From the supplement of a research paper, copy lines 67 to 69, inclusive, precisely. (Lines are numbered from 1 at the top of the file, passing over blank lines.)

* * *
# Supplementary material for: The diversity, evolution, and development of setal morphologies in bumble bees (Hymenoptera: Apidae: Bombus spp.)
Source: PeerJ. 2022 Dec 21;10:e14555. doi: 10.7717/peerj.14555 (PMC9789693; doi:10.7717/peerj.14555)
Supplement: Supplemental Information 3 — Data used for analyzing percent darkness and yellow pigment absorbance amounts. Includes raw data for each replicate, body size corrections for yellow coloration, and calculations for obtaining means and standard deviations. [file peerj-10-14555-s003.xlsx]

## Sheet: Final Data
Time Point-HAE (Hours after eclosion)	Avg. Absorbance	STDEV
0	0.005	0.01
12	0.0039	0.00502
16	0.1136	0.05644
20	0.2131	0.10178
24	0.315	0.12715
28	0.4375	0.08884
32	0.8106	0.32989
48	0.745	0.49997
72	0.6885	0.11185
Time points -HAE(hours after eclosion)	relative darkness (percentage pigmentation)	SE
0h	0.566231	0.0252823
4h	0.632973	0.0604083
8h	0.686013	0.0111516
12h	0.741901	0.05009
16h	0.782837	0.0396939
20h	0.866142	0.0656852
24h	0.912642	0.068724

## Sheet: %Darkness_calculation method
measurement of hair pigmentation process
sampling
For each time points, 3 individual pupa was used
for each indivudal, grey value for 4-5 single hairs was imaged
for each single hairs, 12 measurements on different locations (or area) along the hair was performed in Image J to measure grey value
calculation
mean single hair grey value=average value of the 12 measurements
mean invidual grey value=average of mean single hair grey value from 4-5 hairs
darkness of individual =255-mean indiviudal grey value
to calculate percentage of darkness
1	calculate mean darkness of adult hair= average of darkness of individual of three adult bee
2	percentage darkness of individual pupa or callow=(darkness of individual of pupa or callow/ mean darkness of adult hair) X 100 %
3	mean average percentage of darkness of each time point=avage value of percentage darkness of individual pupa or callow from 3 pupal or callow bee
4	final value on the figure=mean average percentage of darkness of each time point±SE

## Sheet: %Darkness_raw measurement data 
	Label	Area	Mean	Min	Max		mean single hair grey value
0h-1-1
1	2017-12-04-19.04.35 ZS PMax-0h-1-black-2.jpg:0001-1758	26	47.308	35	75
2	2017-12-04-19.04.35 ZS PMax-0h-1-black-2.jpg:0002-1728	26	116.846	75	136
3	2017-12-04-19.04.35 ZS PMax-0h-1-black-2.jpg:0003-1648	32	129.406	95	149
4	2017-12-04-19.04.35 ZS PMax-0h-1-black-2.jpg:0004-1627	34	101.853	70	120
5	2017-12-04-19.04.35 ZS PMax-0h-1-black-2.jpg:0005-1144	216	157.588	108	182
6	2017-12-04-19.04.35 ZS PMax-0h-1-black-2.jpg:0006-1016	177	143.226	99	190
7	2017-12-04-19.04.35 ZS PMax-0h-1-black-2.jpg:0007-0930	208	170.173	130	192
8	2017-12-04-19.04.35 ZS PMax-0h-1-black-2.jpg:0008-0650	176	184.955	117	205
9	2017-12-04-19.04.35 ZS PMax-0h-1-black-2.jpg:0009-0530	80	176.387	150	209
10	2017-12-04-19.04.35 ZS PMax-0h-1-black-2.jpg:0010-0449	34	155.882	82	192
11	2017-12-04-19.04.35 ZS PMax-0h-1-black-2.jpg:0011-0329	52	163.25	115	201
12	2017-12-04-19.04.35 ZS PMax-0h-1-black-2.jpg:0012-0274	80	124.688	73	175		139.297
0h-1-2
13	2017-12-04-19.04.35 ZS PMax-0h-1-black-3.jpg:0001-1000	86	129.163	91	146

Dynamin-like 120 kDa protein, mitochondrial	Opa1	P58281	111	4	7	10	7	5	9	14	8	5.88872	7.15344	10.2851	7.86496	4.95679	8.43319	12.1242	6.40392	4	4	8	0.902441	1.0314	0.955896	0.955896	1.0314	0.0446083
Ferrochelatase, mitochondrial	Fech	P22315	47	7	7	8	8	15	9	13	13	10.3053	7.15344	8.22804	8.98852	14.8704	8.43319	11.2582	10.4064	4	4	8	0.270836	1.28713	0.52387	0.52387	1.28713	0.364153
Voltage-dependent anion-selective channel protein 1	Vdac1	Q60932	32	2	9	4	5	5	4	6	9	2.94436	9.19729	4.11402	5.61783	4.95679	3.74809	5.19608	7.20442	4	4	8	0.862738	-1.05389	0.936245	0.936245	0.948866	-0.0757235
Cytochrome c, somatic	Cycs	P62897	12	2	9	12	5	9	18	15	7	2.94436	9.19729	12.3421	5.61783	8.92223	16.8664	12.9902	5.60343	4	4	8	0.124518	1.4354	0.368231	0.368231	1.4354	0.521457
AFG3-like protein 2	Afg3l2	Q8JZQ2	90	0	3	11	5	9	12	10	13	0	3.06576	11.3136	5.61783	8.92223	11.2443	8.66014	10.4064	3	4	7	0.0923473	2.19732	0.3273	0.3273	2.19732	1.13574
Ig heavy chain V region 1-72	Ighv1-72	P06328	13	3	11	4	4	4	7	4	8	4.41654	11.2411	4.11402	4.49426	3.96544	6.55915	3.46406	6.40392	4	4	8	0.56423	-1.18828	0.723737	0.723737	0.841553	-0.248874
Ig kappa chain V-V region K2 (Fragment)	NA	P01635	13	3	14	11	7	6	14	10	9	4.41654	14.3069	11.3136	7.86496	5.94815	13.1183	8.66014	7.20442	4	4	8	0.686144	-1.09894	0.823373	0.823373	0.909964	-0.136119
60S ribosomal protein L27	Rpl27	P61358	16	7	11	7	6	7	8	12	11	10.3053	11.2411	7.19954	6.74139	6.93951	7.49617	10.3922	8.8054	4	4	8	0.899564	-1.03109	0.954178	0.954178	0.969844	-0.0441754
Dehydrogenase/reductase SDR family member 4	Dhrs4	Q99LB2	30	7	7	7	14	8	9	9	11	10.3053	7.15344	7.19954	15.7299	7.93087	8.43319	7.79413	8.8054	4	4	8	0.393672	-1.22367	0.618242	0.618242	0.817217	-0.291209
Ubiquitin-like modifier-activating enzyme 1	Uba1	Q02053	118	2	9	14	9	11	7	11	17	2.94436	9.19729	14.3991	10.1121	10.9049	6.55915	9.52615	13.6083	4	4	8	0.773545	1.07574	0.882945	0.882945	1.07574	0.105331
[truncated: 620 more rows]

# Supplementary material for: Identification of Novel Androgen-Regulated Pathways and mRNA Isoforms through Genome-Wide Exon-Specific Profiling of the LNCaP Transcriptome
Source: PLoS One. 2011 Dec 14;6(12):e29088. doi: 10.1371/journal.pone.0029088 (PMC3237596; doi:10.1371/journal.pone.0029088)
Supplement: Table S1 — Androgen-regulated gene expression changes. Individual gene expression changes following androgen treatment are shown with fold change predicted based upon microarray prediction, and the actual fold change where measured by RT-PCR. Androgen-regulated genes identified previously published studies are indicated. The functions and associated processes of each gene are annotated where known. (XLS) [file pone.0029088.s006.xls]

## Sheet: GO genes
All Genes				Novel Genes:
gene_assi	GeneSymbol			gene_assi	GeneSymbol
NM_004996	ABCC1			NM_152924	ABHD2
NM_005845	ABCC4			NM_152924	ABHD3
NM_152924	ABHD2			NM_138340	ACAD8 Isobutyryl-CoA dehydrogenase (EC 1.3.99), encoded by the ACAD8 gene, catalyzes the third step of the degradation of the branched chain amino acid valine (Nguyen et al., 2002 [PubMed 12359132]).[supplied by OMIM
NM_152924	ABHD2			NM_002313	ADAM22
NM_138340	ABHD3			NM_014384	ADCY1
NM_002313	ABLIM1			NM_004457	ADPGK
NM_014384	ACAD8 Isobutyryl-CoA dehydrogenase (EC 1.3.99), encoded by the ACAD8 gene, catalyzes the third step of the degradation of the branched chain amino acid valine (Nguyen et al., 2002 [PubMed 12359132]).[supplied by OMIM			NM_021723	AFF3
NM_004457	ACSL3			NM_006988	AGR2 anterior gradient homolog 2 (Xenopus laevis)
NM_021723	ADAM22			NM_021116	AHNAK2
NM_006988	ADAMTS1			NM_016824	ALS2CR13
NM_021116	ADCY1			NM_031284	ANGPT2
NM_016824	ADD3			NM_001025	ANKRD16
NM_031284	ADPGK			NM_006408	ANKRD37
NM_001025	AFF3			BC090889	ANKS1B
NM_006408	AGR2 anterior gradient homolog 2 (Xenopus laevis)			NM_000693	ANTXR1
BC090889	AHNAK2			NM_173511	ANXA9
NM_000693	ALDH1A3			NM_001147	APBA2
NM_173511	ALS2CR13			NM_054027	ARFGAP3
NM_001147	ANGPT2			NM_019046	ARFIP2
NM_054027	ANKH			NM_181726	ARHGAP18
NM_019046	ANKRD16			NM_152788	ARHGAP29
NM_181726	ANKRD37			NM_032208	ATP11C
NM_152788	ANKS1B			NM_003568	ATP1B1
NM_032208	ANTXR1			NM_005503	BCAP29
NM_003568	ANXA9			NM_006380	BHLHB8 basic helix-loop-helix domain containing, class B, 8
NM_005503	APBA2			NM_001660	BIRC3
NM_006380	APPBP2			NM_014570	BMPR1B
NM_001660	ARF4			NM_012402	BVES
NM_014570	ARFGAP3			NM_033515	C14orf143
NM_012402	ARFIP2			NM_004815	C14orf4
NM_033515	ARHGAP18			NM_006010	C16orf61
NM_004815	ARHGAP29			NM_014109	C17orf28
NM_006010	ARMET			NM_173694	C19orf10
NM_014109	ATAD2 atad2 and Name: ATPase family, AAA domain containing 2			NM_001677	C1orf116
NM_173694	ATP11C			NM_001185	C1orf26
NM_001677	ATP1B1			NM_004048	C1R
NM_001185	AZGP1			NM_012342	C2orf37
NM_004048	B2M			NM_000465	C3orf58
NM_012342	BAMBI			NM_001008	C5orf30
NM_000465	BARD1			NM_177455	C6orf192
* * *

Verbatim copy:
Source: PLoS One. 2011 Dec 14;6(12):e29088. doi: 10.1371/journal.pone.0029088 (PMC3237596; doi:10.1371/journal.pone.0029088)
Supplement: Table S1 — Androgen-regulated gene expression changes. Individual gene expression changes following androgen treatment are shown with fold change predicted based upon microarray prediction, and the actual fold change where measured by RT-PCR. Androgen-regulated genes identified previously published studies are indicated. The functions and associated processes of each gene are annotated where known. (XLS) [file pone.0029088.s006.xls]

## Sheet: GO genes